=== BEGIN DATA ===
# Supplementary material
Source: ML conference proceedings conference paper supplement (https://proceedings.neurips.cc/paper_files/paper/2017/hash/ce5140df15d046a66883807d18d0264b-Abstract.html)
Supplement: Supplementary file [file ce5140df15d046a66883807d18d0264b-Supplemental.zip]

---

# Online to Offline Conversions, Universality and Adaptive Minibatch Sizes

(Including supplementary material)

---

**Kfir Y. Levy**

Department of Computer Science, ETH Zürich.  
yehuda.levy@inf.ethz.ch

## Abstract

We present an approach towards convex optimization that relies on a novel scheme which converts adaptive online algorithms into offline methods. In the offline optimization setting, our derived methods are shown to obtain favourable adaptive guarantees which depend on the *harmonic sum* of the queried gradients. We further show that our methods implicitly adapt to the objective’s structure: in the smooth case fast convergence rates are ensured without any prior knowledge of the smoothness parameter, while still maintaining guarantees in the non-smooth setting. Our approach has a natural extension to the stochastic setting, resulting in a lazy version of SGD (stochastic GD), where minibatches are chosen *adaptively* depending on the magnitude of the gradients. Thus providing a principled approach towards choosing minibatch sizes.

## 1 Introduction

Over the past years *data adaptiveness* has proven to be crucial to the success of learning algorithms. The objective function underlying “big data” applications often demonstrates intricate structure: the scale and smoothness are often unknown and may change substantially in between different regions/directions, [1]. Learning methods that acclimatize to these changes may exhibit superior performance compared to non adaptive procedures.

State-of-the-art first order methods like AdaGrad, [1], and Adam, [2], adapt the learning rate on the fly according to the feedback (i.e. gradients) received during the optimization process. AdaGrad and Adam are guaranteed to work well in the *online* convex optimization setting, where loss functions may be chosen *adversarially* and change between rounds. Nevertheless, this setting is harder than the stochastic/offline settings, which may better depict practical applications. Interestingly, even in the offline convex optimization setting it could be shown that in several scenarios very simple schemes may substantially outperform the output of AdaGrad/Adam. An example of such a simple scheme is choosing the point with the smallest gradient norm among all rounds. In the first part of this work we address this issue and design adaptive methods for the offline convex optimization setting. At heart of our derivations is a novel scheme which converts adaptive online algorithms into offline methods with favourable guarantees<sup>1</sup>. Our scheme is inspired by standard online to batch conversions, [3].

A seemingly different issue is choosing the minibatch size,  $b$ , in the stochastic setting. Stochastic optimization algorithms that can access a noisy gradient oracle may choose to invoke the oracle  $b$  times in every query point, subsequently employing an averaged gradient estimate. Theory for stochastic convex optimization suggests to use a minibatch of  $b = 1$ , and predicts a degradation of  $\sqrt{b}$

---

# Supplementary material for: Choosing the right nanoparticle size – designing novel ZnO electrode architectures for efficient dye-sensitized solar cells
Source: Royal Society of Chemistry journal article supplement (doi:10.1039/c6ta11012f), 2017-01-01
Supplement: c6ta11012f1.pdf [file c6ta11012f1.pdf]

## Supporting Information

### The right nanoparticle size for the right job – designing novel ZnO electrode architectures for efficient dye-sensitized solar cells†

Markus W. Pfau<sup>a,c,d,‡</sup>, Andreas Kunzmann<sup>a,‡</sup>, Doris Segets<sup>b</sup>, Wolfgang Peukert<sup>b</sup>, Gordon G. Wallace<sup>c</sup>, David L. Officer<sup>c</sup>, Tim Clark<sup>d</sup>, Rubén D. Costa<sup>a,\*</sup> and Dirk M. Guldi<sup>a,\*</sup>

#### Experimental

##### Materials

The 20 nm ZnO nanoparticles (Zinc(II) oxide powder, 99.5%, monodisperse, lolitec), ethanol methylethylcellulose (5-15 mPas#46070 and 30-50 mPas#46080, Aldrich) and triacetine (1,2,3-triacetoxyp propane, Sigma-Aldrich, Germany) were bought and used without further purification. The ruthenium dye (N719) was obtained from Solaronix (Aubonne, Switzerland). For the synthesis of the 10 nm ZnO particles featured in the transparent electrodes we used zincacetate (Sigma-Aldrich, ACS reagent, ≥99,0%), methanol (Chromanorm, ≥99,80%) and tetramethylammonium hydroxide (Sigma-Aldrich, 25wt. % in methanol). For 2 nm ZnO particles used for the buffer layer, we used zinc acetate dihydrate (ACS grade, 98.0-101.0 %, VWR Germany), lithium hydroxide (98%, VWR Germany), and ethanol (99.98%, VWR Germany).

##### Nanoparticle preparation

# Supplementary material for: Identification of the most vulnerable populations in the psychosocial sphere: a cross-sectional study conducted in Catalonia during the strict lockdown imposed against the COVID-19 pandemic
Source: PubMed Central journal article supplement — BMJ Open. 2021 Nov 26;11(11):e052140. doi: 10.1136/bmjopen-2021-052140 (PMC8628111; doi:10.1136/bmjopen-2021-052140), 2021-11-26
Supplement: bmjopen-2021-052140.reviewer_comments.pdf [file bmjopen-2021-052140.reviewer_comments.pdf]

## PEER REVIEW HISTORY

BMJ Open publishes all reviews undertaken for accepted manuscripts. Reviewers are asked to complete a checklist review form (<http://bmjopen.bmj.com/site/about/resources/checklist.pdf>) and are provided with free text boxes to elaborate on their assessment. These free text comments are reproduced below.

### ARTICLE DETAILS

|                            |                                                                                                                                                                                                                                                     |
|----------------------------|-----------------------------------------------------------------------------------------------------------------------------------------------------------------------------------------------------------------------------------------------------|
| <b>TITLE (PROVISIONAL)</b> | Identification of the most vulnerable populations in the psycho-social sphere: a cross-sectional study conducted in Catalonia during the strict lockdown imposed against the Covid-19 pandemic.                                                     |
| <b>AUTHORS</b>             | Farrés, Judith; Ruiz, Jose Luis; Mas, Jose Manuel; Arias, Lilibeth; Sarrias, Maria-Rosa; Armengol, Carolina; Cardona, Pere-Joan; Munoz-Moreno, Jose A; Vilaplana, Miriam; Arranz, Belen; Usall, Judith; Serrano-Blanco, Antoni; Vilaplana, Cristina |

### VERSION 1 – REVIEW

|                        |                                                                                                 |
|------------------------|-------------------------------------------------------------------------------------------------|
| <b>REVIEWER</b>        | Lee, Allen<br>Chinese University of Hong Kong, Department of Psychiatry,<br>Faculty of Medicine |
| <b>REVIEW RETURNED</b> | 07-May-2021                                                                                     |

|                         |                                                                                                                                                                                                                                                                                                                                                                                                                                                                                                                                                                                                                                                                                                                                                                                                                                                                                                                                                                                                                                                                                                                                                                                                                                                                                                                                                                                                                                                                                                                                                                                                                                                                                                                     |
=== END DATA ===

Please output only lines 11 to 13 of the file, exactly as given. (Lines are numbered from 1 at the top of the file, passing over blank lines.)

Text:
## Abstract

We present an approach towards convex optimization that relies on a novel scheme which converts adaptive online algorithms into offline methods. In the offline optimization setting, our derived methods are shown to obtain favourable adaptive guarantees which depend on the *harmonic sum* of the queried gradients. We further show that our methods implicitly adapt to the objective’s structure: in the smooth case fast convergence rates are ensured without any prior knowledge of the smoothness parameter, while still maintaining guarantees in the non-smooth setting. Our approach has a natural extension to the stochastic setting, resulting in a lazy version of SGD (stochastic GD), where minibatches are chosen *adaptively* depending on the magnitude of the gradients. Thus providing a principled approach towards choosing minibatch sizes.

## 1 Introduction